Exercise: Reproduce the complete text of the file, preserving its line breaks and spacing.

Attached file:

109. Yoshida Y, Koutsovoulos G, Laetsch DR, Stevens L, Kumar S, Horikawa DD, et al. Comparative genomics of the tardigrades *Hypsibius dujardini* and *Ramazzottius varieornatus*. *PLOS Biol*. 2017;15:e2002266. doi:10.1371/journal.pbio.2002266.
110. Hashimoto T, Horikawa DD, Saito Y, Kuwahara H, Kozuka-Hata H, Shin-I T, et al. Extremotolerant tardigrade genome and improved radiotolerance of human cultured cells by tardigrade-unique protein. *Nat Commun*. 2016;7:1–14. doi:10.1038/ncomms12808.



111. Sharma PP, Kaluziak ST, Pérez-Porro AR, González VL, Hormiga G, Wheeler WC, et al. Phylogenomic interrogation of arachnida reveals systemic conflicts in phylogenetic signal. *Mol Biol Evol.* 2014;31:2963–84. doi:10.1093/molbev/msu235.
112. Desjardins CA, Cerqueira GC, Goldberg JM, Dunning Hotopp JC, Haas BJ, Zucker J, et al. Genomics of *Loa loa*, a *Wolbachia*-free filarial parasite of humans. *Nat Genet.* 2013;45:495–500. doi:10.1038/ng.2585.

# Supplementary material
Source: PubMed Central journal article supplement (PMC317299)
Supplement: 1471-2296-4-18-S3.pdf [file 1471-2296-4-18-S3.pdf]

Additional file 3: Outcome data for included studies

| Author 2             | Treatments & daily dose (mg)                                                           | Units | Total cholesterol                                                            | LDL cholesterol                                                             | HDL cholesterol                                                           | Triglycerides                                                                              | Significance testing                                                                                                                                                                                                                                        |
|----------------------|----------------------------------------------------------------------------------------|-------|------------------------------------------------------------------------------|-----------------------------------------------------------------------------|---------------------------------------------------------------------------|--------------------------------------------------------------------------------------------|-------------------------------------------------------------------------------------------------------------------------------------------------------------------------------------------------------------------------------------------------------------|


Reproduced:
109. Yoshida Y, Koutsovoulos G, Laetsch DR, Stevens L, Kumar S, Horikawa DD, et al. Comparative genomics of the tardigrades *Hypsibius dujardini* and *Ramazzottius varieornatus*. *PLOS Biol*. 2017;15:e2002266. doi:10.1371/journal.pbio.2002266.
110. Hashimoto T, Horikawa DD, Saito Y, Kuwahara H, Kozuka-Hata H, Shin-I T, et al. Extremotolerant tardigrade genome and improved radiotolerance of human cultured cells by tardigrade-unique protein. *Nat Commun*. 2016;7:1–14. doi:10.1038/ncomms12808.



111. Sharma PP, Kaluziak ST, Pérez-Porro AR, González VL, Hormiga G, Wheeler WC, et al. Phylogenomic interrogation of arachnida reveals systemic conflicts in phylogenetic signal. *Mol Biol Evol.* 2014;31:2963–84. doi:10.1093/molbev/msu235.
112. Desjardins CA, Cerqueira GC, Goldberg JM, Dunning Hotopp JC, Haas BJ, Zucker J, et al. Genomics of *Loa loa*, a *Wolbachia*-free filarial parasite of humans. *Nat Genet.* 2013;45:495–500. doi:10.1038/ng.2585.

# Supplementary material
Source: PubMed Central journal article supplement (PMC317299)
Supplement: 1471-2296-4-18-S3.pdf [file 1471-2296-4-18-S3.pdf]

Additional file 3: Outcome data for included studies

| Author 2             | Treatments & daily dose (mg)                                                           | Units | Total cholesterol                                                            | LDL cholesterol                                                             | HDL cholesterol                                                           | Triglycerides                                                                              | Significance testing                                                                                                                                                                                                                                        |
|----------------------|----------------------------------------------------------------------------------------|-------|------------------------------------------------------------------------------|-----------------------------------------------------------------------------|---------------------------------------------------------------------------|--------------------------------------------------------------------------------------------|-------------------------------------------------------------------------------------------------------------------------------------------------------------------------------------------------------------------------------------------------------------|